You want a toe? I can get you a toe.
You are talking about certain prices for certain goods dropping. Of course they will prices fluctuate all of the time but absolutely no one is actually predicting deflation which is what would have to happen for your “guys don’t understand the raise is forever inflation is temporary’ statement to make any sense.I'm not being hoodwinked and I understand inflation.
There is actually 3 types. Demand-pull inflation, Cost-push inflation and Built-in inflation. Your talking about Built-In inflation. What we are experiencing now is mostly Demand-pull inflation. Demand-pull inflation refers to situations where there are not enough products or services being produced to keep up with demand, or supply chain bottlenecks, causing their prices to increase.
That being said, when supply catches up with demand, or when demand for supply goes down, prices will go down. When the war in Ukraine ends, when fuel prices go back down, when the Ukrainian grain market returns, when businesses go back to operating at full capacity, supply will return to normal and the current elevated prices, due to these issues, will fall and return to normal. Maybe not pre-pandemic, but should fall to where Built-in inflation would have them.
Remember when the baby formula prices shot up? Inflation at its rudimentary level. Demand was greater than supply because of a factory closure. The prices are back down now, or almost back down, because the factory is up and running. The prices will be back to normal once the factory catches up.
If you make a widget that everybody wants, and have a limited supply of them, you will charge more for them. When your supply catches up with demand, you will lower your price for that widget.
This is what we are experiencing now with inflation. Demand-pull inflation. When things go back to normal, prices will drop.
Taken from Investopedia.
Why Is Inflation So High Right Now?In 2022, inflation rates in the U.S. and around the world rose to their highest levels since the early 1980s. While there is no single reason for this rapid rise in global prices, a series of events worked together to boost inflation to such high levels.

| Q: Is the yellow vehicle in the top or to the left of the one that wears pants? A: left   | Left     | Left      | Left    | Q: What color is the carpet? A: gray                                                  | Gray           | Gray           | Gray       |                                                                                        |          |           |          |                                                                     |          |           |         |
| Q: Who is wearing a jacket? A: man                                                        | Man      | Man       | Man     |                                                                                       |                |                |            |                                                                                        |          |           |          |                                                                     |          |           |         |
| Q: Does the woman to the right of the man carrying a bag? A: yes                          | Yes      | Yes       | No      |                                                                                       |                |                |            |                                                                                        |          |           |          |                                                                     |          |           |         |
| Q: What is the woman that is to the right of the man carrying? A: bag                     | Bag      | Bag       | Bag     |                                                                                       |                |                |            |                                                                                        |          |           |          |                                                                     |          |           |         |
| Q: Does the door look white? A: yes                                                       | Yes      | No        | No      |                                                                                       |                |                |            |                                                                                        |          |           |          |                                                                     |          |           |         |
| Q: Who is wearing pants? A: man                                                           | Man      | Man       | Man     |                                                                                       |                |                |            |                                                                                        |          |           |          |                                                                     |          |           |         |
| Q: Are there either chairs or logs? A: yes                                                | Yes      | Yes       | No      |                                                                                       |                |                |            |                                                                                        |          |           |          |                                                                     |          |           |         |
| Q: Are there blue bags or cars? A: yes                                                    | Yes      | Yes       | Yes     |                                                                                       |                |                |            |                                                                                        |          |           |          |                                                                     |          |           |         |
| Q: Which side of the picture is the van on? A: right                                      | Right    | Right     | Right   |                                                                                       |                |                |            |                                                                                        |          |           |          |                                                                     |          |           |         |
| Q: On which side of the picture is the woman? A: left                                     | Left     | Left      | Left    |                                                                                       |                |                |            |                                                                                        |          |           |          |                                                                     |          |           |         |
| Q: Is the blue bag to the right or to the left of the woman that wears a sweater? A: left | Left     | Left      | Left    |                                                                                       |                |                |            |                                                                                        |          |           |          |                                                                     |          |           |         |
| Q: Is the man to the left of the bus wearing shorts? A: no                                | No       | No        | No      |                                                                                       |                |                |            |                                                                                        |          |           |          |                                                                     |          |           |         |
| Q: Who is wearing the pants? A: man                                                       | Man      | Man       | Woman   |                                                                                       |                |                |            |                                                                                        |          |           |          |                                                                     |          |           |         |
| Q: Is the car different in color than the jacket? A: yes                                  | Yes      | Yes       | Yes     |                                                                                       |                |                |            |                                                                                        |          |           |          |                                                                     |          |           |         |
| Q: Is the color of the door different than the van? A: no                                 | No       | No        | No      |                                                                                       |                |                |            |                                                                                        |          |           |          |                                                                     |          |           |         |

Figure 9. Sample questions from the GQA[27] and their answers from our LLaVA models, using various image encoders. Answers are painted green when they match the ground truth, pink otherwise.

The COVID-19 pandemic in early 2020 led to lockdowns and other restrictive measures that greatly disrupted global supply chains, from factory closures to bottlenecks at maritime ports. At the same time, governments issued stimulus checks and increased unemployment benefits to help blunt the financial impact of these measures on individuals and small businesses. When COVID vaccines became widespread and the economy rapidly bounced back, demand (fueled in part by stimulus money and low interest rates) quickly outpaced supply, which still struggled to get back to pre-COVID levels.
Russia's unprovoked invasion of Ukraine in early 2022 led to a series of economic sanctions and trade restrictions on Russia, limiting the world's supply of oil and gas since Russia is a large producer of fossil fuels. At the same time, food prices rose as Ukraine's large grain harvests could not be exported. As fuel and food prices rose, it led to similar increases down the value chains.
And you’re just repeating the old oh this is a temporary supply chain issue. Transitionary inflation line this administration tried to sell for a year before it become all too clear its much. More than that. I guess it makes sense since most of the articles you’re linking are from the spring when that was the line of thought.